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Case Series of Multisystem Inflammatory Syndrome in Adults Associated with SARS-CoV-2 Infection – United Kingdom and United States, March-August 2020

Our take —

Several CDC case reports and published case series suggest that multisystem inflammatory syndrome due to SARS-CoV-2 infection may not be limited to children. This MMWR describes 27 cases of MIS-A (adults) who had confirmed SARS-CoV-2 infection (either previously or currently) and were hospitalized with severe dysfunction of extrapulmonary organ systems but minimal respiratory illness. However, the clinical presentation, timing, and ascertainment of SARS-CoV-2 infection varied widely, and refinements to the MIS-A case definition will help to estimate the overall burden of disease and guide research on its pathogenesis.

Study design

Case Series

Study population and setting

This report describes 27 patients with multisystem inflammatory syndrome in adults (MIS-A) from three data sources: CDC reports (n=9), published case reports (n=7), and three published case series (n=11). MIS-A was defined as adults (21+ years) who were hospitalized with severe illness, had a positive test result for SARS-CoV-2 during admission or in the prior 12 weeks, had severe dysfunction of at least other extrapulmonary organ system, had laboratory evidence of severe inflammation, and did not have severe respiratory illness. The cases were voluntarily reported to CDC by clinicians and health departments using a case report form developed for MIS-C (multisystem inflammatory syndrome in children). A literature search on August 20, 2020 identified the additional published case reports and case series.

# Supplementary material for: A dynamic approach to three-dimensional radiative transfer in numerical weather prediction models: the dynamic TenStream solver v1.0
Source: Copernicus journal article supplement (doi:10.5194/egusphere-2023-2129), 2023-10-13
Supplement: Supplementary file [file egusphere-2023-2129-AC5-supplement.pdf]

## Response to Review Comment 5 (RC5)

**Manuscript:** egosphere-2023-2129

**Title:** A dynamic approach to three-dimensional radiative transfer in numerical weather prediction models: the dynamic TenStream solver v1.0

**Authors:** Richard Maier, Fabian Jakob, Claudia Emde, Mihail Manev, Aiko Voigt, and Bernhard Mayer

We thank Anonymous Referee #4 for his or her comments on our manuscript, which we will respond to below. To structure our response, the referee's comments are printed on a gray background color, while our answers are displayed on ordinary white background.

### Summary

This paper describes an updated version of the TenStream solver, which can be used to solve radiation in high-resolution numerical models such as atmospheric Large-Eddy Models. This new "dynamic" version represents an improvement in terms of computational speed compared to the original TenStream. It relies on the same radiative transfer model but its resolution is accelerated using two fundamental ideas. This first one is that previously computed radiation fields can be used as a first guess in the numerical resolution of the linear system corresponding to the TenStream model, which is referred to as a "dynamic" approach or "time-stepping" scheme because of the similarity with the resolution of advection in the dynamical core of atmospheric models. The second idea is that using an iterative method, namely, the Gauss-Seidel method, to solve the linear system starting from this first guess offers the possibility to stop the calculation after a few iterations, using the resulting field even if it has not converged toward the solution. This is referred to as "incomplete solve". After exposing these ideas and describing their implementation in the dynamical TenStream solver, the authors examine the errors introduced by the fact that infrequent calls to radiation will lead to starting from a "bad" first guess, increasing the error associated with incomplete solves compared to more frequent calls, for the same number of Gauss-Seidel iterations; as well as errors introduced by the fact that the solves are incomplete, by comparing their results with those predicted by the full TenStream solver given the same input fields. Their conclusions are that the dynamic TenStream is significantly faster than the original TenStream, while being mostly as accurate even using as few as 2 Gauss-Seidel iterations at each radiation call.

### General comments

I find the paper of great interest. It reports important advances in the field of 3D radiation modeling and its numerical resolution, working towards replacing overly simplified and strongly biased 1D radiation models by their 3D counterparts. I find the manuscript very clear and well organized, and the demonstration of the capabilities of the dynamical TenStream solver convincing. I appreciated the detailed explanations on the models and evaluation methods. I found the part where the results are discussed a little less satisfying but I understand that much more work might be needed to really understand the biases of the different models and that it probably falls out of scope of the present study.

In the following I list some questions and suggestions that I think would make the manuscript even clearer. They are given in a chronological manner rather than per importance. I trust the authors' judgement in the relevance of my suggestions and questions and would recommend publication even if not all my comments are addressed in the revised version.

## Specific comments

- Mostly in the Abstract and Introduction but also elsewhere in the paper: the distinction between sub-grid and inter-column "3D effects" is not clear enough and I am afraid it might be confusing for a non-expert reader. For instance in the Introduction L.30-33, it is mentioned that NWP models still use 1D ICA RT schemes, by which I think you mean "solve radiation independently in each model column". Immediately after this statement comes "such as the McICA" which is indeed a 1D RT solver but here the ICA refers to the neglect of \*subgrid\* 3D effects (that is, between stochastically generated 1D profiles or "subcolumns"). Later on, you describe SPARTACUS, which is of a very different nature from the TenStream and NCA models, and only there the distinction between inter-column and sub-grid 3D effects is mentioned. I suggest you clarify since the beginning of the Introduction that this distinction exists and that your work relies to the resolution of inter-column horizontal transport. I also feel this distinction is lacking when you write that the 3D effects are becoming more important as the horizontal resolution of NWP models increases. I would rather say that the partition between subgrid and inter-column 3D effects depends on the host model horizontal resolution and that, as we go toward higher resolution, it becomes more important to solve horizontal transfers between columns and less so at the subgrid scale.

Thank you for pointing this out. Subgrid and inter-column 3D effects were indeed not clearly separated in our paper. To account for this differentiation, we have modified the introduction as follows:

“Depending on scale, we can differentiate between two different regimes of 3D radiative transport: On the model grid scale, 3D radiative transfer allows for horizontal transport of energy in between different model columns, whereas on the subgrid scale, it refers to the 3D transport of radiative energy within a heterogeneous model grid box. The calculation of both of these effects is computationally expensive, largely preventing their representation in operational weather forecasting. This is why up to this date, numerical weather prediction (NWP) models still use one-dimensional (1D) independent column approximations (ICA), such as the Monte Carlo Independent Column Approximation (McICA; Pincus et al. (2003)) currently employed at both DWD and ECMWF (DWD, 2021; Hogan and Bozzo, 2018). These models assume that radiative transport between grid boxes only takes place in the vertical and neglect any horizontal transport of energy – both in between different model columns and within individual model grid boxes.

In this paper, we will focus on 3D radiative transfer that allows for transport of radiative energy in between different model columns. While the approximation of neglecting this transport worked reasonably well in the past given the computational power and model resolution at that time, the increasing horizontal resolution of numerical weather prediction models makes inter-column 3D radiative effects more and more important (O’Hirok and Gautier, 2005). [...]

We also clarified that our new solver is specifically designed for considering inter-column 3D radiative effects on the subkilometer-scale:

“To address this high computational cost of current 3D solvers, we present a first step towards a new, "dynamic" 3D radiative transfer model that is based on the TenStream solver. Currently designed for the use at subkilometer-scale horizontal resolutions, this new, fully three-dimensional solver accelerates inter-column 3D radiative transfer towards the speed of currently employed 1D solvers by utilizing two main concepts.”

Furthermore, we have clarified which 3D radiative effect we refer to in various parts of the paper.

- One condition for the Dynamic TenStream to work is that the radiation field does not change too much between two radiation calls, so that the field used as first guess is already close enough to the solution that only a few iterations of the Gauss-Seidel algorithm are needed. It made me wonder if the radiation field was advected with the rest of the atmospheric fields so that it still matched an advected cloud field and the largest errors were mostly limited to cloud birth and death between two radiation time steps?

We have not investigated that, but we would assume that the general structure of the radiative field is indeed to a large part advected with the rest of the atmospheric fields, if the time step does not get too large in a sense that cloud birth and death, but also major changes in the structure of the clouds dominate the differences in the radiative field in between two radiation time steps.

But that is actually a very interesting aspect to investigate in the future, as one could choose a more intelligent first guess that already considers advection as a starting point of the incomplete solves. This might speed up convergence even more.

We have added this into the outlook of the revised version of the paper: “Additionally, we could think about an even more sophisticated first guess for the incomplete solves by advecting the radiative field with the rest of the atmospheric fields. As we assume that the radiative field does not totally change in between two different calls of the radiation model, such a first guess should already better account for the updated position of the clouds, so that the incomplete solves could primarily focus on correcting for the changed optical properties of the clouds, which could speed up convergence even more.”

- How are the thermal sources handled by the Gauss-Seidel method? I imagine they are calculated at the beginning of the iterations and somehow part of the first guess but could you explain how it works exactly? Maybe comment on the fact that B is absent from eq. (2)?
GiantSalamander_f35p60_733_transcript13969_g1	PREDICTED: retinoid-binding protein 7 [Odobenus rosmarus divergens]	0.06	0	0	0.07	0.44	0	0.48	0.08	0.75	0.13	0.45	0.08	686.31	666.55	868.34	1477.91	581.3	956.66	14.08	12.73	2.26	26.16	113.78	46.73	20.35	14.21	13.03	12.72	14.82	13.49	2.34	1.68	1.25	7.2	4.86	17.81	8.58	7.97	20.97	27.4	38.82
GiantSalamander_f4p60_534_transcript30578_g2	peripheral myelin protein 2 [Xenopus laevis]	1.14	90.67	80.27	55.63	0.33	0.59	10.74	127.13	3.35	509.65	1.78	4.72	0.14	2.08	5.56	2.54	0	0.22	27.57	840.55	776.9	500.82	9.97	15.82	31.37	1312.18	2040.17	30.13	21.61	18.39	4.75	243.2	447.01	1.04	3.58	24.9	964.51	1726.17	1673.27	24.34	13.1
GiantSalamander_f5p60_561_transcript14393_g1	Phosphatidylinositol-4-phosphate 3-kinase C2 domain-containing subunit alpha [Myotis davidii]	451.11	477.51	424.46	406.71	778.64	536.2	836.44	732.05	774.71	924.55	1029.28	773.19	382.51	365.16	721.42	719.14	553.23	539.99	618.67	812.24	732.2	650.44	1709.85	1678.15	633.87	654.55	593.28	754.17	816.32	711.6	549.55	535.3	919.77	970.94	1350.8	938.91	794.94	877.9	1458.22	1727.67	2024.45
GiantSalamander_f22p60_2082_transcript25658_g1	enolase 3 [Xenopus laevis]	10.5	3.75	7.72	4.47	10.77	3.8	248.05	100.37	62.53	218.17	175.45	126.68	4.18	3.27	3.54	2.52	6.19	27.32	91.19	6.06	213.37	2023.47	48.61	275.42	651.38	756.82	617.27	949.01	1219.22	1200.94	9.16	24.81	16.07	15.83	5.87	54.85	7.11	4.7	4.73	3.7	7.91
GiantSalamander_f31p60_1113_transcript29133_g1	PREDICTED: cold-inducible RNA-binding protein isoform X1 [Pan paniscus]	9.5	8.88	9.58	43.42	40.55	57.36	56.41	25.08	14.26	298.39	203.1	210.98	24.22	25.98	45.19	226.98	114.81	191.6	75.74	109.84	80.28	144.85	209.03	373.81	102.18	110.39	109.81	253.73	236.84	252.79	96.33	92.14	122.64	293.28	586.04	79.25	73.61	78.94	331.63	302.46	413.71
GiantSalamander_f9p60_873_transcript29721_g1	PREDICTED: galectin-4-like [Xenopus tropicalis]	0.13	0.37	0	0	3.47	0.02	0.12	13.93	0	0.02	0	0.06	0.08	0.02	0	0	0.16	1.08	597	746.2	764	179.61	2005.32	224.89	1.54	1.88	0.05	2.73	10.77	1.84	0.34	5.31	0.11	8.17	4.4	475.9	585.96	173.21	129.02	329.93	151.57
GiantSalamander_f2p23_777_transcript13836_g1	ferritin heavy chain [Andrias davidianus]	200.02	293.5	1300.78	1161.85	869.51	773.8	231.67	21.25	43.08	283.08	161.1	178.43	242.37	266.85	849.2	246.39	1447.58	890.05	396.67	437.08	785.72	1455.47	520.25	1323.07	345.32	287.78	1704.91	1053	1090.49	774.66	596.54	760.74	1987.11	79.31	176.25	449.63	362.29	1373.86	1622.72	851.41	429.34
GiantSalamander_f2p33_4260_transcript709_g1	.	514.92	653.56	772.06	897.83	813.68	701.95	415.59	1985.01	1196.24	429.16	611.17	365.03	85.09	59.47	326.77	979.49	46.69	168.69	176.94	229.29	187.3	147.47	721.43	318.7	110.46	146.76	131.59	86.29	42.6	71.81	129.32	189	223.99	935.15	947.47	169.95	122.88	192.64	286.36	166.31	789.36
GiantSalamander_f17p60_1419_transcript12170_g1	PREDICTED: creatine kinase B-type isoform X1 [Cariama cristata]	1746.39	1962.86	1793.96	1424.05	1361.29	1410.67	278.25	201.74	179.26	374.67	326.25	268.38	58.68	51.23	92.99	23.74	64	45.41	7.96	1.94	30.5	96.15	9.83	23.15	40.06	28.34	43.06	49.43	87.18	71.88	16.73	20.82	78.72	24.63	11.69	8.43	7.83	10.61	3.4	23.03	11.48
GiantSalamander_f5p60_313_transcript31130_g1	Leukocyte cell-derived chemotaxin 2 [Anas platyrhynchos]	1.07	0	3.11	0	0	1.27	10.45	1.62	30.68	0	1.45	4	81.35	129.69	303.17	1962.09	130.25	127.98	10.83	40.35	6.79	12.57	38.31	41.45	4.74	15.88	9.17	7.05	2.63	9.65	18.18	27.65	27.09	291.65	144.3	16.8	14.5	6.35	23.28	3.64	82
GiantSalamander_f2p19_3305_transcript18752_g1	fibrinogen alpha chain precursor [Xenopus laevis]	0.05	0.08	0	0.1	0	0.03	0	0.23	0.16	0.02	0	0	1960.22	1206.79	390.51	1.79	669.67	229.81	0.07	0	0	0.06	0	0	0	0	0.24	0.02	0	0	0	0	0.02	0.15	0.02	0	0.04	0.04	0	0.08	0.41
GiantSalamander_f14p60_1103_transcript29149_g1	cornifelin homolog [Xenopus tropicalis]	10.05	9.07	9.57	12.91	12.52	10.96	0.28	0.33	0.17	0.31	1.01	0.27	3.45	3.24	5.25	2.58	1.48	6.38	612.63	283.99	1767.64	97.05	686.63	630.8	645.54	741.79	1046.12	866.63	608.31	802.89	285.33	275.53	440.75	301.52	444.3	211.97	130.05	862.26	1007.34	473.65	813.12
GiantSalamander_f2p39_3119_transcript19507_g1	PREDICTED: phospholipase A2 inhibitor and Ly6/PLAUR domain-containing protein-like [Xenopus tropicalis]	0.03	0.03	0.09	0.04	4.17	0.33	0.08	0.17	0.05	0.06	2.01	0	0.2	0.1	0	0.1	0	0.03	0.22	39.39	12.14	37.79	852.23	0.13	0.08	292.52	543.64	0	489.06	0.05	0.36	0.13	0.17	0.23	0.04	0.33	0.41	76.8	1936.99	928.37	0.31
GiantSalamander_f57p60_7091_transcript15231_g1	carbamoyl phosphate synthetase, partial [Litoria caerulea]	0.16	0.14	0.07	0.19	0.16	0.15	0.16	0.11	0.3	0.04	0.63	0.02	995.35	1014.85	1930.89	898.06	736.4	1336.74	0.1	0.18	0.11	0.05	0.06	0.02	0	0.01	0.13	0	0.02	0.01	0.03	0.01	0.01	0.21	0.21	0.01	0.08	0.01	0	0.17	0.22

Summary of Main Findings

Among the 16 patients (56% women, age range: 21-50 years, 56% with underlying conditions) included in case reports (9 from CDC reports and 7 from published case reports), all had evidence of cardiac involvement, 13 had GI symptoms at admission, and 10 had evidence of pulmonary involvement despite minimal respiratory symptoms. Inflammatory markers (CRP and ferritin) and markers of coagulopathy (D-dimer) were elevated in all. Timing of SARS-CoV-2 testing was variable; only 10 showed evidence of SARS-CoV-2 by RT-PCR at initial assessment for MIS-A, 4 had positive antibody tests at admission, and 2 were positive 14 and 37 days prior to admission but were negative at the time of admission. Ten required intensive care, and two patients died. Data from the published case series (n=11 from 3 case series) were similar: age range 20-50, at least four with negative PCR tests at admission but high IgG antibody titers, elevated inflammatory markers, and heterogeneous presentation (two patients had large vessel strokes, others with cardiac dysfunction, GI symptoms, and dermatologic symptoms, but mild respiratory symptoms).

Study Strengths

The report includes a thorough review of MIS-A cases in the United States and the United Kingdom.


Given that this was a case series of voluntarily reported cases to CDC and published case series/reports, the results likely do not capture all MIS-A cases in the US or the UK during this time frame, and also cannot be used to estimate the overall burden of MIS-A in the US or UK population. The case definition included required participants have evidence of SARS-CoV-2 with a current or previous positive result on either PCR, antigen, or antibody tests. It’s possible that some patients with MIS-A related symptoms never received testing for SARS-CoV-2, which could have resulted in exclusion of some cases. The timing of SARS-CoV-2 infection and MIS-A is still unclear and cannot be adequately inferred from this data.

Value added

There have been several well-described reports of MIS-C, but this is one of the most comprehensive reports of MIS-A in the United States and the United Kingdom.

This review was posted on: 23 October 2020